2. Day visits to Skomer Island cannot resume at the moment, but we will keep this situation under review as further guidance is issued by the Welsh Government.

This has been a very difficult decision and we know it will be a great disappointment to our guests but the safety of our island staff, Dale Sailing boat staff, our visitors and our local community remains our key priority.

We would like to thank everyone for keeping in touch with our Islands via social media, the Skokholm Blog and Skomer LIVE and those who have donated to our Islands emergency appeals. 

Further information. 

Current Welsh Government guidance: From 6th July, if conditions allow, the requirement to stay local will lift and people can travel to tourist attractions across Wales. Self-contained holiday accommodation may be able to reopen on 13th July. The requirement to maintain a 2m social distance remains, as is the requirement that people should only meet with one other household outdoors.

Boat Access to the Islands: Trips to the Islands are dependent on Dale Sailing who provide our boat service. We are in close contact with them and continue to discuss options as guidance changes. Currently, charter and leisure boats cannot run, until restrictions on boat activities are lifted. We also share concerns for boarding and disembarking passengers whilst maintaining social distancing and boat trips for mixed groups are not currently possible.

Day trips to Skomer: The current restrictions on boats and social distancing make day trips impossible. Should these restrictions lift, there is also a concern about the safety of compost toilets, and the safety of the staff or volunteers who would have to clean and service them regularly. Without public toilets, daily trips to Skomer would have to be for a limited period of time. We also only have a skeleton staff team on both Islands and therefore have limited resources to manage an influx of daily visitors.

Accommodation on the Islands: Both Islands offer shared facilities for guests and volunteers; living rooms, dining room, kitchen and bathrooms. Under the current restrictions we cannot re-open the accommodation because it is not self-contained. If the restrictions on shared facilities are lifted but social distancing remains in place, then the accommodation alterations needed would not be feasible. The additional requirements for deep cleaning accommodation between guests would also be extremely difficult given the limitations imposed on the Islands by being off-grid and with limited access to power and hot water. Some research indicates that the time that the virus survives on surfaces may be affected by temperature with higher temperatures reducing the period of time the virus remains infectious. The unique nature of our un-heated accommodation brings additional risks. Should anyone fall ill while staying on the Island then it would be extremely difficult to arrange safe passage off the Island and to quarantine those left on the Island.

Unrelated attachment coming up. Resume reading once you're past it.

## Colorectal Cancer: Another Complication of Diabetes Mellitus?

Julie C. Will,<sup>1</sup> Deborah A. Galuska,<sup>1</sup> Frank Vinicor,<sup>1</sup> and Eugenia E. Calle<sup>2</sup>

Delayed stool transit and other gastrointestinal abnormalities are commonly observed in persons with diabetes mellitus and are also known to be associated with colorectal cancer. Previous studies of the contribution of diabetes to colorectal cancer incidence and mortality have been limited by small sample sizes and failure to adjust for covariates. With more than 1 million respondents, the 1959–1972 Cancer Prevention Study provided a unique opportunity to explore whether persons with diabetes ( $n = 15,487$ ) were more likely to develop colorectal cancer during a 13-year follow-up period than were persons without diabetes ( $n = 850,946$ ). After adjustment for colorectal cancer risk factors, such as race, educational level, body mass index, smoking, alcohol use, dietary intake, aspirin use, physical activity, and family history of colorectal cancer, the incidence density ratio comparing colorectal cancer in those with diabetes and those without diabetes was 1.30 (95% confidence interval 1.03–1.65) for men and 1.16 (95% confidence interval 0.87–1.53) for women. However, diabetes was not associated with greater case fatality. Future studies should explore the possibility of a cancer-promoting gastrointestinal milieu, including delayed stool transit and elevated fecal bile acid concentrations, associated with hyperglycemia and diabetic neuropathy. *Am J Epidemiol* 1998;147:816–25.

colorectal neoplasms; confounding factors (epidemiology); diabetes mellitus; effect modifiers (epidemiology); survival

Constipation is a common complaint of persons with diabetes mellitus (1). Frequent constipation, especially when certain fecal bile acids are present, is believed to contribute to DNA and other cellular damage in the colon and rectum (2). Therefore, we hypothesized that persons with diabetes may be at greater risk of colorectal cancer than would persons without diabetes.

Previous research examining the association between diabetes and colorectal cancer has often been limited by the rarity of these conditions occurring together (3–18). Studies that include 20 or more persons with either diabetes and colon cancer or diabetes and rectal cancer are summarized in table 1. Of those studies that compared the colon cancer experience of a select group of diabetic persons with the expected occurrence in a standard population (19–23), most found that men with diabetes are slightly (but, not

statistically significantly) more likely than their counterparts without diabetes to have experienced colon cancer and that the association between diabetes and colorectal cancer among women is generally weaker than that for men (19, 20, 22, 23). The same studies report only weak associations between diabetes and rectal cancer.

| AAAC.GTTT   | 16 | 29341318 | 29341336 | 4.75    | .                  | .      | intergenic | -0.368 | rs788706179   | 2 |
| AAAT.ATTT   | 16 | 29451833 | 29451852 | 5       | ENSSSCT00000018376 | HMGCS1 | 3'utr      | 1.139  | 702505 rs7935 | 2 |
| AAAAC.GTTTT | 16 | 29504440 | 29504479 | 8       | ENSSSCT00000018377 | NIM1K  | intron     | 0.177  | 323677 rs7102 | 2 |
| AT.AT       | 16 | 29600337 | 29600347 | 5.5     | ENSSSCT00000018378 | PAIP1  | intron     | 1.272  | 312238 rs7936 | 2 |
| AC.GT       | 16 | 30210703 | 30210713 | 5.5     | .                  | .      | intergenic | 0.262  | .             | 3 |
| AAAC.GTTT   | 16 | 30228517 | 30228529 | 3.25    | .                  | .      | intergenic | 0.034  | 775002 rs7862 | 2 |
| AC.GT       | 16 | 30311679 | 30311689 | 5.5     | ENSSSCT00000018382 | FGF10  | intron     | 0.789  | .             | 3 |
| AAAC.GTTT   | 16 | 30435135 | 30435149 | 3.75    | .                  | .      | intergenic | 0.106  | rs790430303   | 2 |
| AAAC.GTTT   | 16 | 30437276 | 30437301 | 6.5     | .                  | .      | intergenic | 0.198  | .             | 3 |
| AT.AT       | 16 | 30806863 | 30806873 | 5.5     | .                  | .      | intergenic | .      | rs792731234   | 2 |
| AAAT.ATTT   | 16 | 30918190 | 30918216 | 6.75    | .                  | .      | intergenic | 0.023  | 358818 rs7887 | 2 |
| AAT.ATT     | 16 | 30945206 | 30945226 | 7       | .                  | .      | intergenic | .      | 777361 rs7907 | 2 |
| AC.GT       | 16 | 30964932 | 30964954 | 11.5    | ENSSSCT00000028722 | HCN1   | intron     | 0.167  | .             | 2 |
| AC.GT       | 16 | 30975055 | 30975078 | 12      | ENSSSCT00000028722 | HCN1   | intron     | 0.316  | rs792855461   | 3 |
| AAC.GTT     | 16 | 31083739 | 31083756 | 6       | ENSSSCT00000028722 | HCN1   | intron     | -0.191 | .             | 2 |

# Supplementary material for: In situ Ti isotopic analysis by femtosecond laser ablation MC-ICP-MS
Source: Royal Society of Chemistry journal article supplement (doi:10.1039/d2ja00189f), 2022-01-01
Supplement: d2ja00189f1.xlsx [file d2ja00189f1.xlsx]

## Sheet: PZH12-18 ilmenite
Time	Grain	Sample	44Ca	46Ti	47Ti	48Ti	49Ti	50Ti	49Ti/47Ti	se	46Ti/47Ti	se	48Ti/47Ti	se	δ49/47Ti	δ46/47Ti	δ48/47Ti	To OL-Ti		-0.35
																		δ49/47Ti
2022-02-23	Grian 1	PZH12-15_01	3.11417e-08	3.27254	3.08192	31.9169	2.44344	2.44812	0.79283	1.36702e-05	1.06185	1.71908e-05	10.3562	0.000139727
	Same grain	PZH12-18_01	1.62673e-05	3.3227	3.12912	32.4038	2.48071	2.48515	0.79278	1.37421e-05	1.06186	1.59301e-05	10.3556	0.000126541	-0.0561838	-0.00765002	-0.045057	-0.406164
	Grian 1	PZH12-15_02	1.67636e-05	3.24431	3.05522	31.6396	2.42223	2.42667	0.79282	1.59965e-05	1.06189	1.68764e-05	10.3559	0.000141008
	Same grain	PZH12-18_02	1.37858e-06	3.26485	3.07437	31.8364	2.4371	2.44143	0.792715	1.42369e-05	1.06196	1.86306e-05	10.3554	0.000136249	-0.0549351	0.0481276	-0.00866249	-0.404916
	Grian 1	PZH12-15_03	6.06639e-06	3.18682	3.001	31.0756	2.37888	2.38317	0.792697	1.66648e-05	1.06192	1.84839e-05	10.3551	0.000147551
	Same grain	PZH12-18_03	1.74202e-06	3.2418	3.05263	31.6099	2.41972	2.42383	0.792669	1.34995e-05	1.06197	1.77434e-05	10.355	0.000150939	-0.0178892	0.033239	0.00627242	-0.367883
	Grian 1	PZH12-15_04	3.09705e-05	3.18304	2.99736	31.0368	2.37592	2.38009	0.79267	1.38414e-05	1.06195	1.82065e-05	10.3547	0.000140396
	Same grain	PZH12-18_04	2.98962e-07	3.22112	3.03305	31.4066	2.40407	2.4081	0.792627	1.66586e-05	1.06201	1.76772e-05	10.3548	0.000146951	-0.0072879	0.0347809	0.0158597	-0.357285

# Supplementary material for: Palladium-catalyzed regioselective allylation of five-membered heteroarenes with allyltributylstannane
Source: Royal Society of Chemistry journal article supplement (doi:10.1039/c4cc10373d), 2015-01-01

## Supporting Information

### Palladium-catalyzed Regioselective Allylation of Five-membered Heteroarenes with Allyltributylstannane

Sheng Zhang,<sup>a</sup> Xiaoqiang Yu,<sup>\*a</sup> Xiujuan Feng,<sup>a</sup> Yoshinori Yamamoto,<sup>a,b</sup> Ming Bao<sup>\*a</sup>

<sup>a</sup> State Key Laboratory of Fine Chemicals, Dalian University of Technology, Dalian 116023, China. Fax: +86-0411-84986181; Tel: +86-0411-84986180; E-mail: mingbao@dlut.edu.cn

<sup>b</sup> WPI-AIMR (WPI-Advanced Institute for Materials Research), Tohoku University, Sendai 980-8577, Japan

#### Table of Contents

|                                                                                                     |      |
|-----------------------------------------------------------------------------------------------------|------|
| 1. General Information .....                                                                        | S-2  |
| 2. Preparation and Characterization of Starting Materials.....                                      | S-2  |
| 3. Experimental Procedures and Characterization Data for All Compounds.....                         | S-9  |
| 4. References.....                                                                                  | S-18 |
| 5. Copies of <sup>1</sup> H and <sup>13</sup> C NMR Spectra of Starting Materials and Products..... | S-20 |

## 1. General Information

Transferring bookings.

Whilst we have never transferred bookings from one year to the next we have decided that this is an appropriate course of action in this unprecedented situation. Bookings will be offered for the same period in the same month next year. So if you have a reservation between April and July your booking would remain for the same period next year. Transferring bookings to different dates next year is complex and we must wait for all 2020 guests to exercise their options before considering this.

If you have an overnight booking please wait for us to contact you – there is only one member of staff working on this so please be patient, we will work through the bookings in sequence and you will be contacted in due course.


If you would rather have monies returned this will be completed when our teams return to work as we cannot perform this whilst working from home, we do appreciate your patience with this matter.


This is clearly an unprecedented time for The Wildlife Trust of South and West Wales. Please consider donating some or all of your booking fees to help the islands.

You can let us know your wishes by emailing us at

Razorbills of Skokholm Island

Razorbill on Skomer Island

In May’s update we talked about the importance of continuing with the vital seabird monitoring on WTSWW’s Skokholm Island and this month we’re going to focus on Razorbills.

The 2020 whole Island count tallied up at 3517 adults on ledges, this an increase of 28% on last year. But to understand just how many of Skokholm’s Razorbills manage to raise a chick to jumpling size, there are three plots on the Island where we follow individual pairs from egg laying to chick jumping.